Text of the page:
While conventional angiography may expose the patient with radiation dose in the range of 3 to 9 mSv, effective dose (HE) as high as 12 to 21 mSv have been reported in CCTA using 64-detector-row CT scanners [11, 12]. With the later generation CT scanners (higher than 64-detector-row), HE as low as 0.4 to 1.2 mSv can be achieved for an average sized patient in prospectively ECG-triggered CCTA [1316]. Although several clinical studies have been conducted to assess radiation dose during prospective ECG-triggered CCTA, the data mainly rely on the air kerma-length product (PKL) reported in the CT console [17, 18]. It is indeed important to assess the radiation dose imparted to the specific organs that are being exposed, such as breasts, lungs, heart, liver, stomach, etc. However, to the best of our knowledge, research in this area is scare, and this is the main reason for us to conduct this study to fill this gap in the current literature.

This study therefore aimed to assess the radiation dose received from prospectively ECG-triggered CCTA using different generations of CT scanners through direct measurement of organ doses in a standard female adult anthropomorphic phantom. We hypothesized that there exists wide variation between radiation dose associated with CCTA acquired with different generation of scanners.

Materials and Methods

Study Design

This study was designed to measure organ doses received from a prospectively ECG-triggered CCTA examination using a standard female adult anthropomorphic phantom and optically stimulated luminescence dosimeters (OSLDs). Dose measurement was carried out using five CT scanners of different generations located at five different centers. The recommended CCTA imaging protocols were used according to the manufacturers’ guidelines.

Anthropomorphic Phantom and OSLDs.

A female adult anthropomorphic phantom (702-G, CIRS Inc., Norfolk, Virginia, USA) assembled with multiple holes for the placement of the OSLDs (NanoDot, Landauer Inc., Glenwood, IL) was used. The phantom represented a female adult of 160 cm height and 55 kg weight. The phantom is made of tissue-equivalent materials that simulate average soft tissues, average bone tissues, cartilage, spinal cord and disks, lung, brain and sinus, where the linear attenuation coefficient of the materials are within 3% of the actual tissues for photon energies ranged 40 to 150 keV [19]. The phantom is sectioned into 38 contiguous slabs of 25 mm thickness. Each section contains several 14 mm-diameter holes and plugs for OSLDs placement across 19 organs (Fig 1A). The phantom has a pair of detachable breasts with base diameter 10.8 cm and height 4.3 cm. The ratio of glandular: adipose tissues is 50: 50. Specific holes and plugs are located in the breasts at 1 cm below the skin surface for OSLD placement.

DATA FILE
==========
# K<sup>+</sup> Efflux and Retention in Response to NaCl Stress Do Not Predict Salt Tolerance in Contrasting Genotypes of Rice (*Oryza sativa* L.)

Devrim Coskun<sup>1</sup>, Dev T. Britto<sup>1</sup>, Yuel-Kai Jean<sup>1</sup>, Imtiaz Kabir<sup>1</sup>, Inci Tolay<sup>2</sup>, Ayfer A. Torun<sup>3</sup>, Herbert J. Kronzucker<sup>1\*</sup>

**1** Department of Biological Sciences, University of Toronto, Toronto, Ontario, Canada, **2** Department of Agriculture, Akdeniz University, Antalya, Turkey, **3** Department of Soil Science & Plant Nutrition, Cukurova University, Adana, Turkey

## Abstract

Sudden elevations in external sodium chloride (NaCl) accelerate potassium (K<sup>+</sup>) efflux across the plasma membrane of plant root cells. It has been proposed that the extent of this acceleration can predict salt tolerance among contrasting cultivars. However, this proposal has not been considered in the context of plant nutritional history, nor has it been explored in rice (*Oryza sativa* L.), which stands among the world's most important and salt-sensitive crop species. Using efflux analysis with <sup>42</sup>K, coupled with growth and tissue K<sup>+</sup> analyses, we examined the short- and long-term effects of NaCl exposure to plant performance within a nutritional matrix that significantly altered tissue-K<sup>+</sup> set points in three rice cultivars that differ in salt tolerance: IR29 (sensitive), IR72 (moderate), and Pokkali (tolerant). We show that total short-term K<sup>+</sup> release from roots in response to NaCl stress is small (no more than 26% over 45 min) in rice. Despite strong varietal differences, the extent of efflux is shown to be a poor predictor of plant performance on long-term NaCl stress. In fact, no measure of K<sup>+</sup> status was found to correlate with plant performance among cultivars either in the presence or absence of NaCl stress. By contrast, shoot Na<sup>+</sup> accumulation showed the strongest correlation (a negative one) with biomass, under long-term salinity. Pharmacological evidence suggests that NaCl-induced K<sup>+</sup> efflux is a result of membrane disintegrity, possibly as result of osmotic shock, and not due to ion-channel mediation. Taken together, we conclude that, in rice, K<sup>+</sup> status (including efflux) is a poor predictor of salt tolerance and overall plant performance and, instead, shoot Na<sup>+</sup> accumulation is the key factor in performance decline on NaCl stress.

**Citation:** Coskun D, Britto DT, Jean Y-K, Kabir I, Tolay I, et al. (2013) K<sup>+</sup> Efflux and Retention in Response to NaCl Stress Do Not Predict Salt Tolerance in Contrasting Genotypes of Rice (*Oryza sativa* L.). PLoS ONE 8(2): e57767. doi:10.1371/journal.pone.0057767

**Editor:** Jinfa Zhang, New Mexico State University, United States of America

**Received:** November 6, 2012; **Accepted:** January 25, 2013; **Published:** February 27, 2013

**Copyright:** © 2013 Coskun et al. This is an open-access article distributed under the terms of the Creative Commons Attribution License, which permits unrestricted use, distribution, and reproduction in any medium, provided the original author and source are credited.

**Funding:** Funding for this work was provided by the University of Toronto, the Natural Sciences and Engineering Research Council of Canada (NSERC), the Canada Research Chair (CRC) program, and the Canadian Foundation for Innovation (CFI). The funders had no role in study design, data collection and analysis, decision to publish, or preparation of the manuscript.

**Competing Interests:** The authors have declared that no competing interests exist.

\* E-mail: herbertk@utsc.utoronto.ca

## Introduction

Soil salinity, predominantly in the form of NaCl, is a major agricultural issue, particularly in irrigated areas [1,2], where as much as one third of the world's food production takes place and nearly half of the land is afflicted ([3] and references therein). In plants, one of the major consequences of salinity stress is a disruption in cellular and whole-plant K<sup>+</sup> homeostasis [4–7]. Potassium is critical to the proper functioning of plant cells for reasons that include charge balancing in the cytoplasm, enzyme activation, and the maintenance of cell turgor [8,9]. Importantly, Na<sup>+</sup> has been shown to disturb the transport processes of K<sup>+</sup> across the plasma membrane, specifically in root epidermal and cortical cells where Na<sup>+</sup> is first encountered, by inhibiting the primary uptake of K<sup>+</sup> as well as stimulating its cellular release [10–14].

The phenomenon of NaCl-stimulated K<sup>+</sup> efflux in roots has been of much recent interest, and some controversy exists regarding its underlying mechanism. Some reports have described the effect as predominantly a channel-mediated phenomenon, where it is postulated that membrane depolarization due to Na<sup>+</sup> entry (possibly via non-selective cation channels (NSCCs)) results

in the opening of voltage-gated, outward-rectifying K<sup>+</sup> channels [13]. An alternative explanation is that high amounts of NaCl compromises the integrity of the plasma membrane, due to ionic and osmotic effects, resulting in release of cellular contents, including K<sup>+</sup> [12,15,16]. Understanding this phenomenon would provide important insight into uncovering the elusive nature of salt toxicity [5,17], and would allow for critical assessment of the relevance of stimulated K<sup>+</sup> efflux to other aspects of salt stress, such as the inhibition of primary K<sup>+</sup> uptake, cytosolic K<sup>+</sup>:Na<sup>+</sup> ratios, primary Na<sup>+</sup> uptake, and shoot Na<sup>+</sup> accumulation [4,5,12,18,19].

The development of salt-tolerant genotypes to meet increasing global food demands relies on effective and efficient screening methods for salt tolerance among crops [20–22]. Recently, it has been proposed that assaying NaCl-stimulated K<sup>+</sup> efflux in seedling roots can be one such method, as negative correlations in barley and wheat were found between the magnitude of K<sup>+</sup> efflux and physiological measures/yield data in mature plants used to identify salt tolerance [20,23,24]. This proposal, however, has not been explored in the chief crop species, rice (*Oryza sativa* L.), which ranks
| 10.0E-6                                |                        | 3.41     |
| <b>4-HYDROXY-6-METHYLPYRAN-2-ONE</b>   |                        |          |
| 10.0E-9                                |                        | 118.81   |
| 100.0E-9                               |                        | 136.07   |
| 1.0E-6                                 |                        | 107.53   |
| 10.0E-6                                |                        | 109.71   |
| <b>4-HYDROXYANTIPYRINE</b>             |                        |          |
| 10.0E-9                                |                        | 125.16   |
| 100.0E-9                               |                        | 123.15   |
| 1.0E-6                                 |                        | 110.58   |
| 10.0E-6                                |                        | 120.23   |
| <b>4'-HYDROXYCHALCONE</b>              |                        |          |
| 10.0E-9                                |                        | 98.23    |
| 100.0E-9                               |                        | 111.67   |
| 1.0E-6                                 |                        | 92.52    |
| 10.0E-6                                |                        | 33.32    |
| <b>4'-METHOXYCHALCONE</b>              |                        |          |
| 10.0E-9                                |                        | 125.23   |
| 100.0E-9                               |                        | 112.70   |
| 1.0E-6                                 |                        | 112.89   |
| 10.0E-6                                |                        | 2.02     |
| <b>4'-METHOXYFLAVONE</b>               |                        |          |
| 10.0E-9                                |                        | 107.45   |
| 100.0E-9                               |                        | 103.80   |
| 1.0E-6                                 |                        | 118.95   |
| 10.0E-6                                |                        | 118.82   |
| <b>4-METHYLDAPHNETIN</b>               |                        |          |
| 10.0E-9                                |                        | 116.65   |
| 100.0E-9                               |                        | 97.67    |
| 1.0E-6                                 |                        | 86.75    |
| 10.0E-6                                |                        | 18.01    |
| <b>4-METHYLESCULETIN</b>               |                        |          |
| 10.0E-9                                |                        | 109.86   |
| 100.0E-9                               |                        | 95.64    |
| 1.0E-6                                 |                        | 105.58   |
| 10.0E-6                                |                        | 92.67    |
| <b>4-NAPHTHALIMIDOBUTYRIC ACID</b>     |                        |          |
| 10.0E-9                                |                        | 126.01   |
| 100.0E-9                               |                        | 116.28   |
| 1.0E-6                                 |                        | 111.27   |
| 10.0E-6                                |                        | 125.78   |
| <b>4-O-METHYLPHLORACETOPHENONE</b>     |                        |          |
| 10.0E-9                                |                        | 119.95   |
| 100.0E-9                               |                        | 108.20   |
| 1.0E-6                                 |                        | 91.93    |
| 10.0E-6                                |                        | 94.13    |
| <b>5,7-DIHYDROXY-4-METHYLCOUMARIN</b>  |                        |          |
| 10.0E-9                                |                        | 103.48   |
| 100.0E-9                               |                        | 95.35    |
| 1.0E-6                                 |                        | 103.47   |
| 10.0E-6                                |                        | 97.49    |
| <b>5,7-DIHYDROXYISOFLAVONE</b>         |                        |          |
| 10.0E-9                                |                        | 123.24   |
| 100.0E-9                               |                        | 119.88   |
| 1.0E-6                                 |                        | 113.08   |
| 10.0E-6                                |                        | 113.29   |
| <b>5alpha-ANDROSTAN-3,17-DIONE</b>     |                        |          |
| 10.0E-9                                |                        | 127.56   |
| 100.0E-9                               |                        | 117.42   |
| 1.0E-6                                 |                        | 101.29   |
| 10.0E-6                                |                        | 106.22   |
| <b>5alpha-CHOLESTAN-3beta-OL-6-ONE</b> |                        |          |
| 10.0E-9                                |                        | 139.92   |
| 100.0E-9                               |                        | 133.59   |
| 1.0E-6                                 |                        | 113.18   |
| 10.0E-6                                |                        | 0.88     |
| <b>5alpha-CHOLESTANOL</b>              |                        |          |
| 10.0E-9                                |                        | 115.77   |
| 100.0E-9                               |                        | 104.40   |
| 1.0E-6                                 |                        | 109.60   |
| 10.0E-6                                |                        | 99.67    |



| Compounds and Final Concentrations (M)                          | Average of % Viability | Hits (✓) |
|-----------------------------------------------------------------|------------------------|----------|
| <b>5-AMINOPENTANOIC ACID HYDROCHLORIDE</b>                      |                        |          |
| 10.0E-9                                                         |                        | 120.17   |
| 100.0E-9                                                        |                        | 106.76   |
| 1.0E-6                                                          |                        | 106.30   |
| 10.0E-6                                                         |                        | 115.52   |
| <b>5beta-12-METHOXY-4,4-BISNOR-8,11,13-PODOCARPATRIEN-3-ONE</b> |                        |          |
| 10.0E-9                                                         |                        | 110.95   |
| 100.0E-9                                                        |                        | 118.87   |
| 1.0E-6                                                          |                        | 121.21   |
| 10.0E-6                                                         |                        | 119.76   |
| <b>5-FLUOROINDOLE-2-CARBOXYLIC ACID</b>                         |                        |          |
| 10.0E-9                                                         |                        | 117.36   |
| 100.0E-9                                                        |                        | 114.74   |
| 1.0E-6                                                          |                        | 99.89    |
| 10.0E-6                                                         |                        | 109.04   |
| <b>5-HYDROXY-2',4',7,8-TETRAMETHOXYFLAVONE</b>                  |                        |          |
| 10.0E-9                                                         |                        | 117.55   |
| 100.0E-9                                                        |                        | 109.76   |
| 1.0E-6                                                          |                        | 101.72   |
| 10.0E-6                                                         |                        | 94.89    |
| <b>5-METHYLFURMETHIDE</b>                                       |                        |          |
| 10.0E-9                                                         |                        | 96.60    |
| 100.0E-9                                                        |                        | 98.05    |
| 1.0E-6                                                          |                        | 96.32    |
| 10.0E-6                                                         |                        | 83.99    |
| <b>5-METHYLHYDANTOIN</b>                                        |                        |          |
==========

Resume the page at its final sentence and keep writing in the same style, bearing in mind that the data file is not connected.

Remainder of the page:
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Fig 1.

(a) Axial view of the phantom’s sectional slab showing the lungs, spine, heart and sternum. The OSLDs are loaded into the tissue-equivalent plugs within the organs. (b) Front and side views of OSLD’s holder.

https://doi.org/10.1371/journal.pone.0161543.g001

The OSLD is made of aluminum oxide doped with carbon (Al2O3:C). It is in disk-shaped of 5 mm diameter and 0.2 mm thickness, wrapped in a light-tight 10 × 10 × 2 mm3 black plastic carrier with a density of 1.03 g.cm-³ (Fig 1B). The OSLDs used in this study were calibrated for X-ray energy of 120 kVp. A calibrated OSLD reader system (MicroStar InLight reader, Landauer, Glenwood, Illinois, USA) was used to acquire the energy released by each OSLD and subsequently converted it to absorbed dose (mGy) based on the calibration curve.

CT Scanners and Imaging Protocols.

The five different generations CT scanners used in this study include 64-detector-row single source CT (SSCT) system (Optima CT 660, GE Healthcare, USA), 64-detector-row SSCT system (Ingenuity 128, Philips Healthcare, USA), 2 × 32-detector-row dual source CT (DSCT) system (Somatom Definition Dual Source, Siemens Healthcare, Germany), 2 × 64-detector-row DSCT system (Somatom Definition Flash, Siemens Healthcare, Germany) and 320-detector-row SSCT system (Aquilion ONE, Toshiba Medical System, Japan). The prospectively ECG-triggered CCTA imaging protocols recommended by the respective CT manufacturers were used. The protocols include Snapshot Pulse Acquisition (Optima CT 660, GE Healthcare, USA)–thereafter referred as “protocol A”, Step and Shoot Cardiac Acquisition (Ingenuity 128, Philips Healthcare, USA)–thereafter referred as “protocol B”, Adaptive Cardio Sequence Acquisition (Somatom Definition Dual Source, Siemens Healthcare, Germany)–thereafter referred as “protocol C”, Flash Spiral Acquisition (Somatom Definition Flash, Siemens Healthcare, Germany)–thereafter referred as “protocol D”, and Volumetric Cardiac Acquisition (Aquilion ONE, Toshiba Medical Centre, Japan)–therefore referred as “protocol E”.

The anthropomorphic phantom pre-loaded with 244 OSLDs from brain to femora was positioned on the CT scanner table (Fig 2A). The scan range was fixed at 140 mm covering from the carina of trachea to the apex of the heart (Fig 2B). The CT scanner was connected to an ECG monitor and a constant heart rate of 60 bpm was applied using ECG demo mode. Table 1 summarizes the scanning parameters for a complete CCTA examination including the scan projection radiograph (SPR), bolus tracking or test bolus and prospectively ECG-triggered CCTA using the respected CT scanners. For bolus tracking technique, threshold of 150 HU was set at the region of interest (ROI) to initiate the scan. For the test bolus technique, six exposures were performed at the ROI to identify the triggering threshold and continued with the prospectively ECG-triggered CCTA.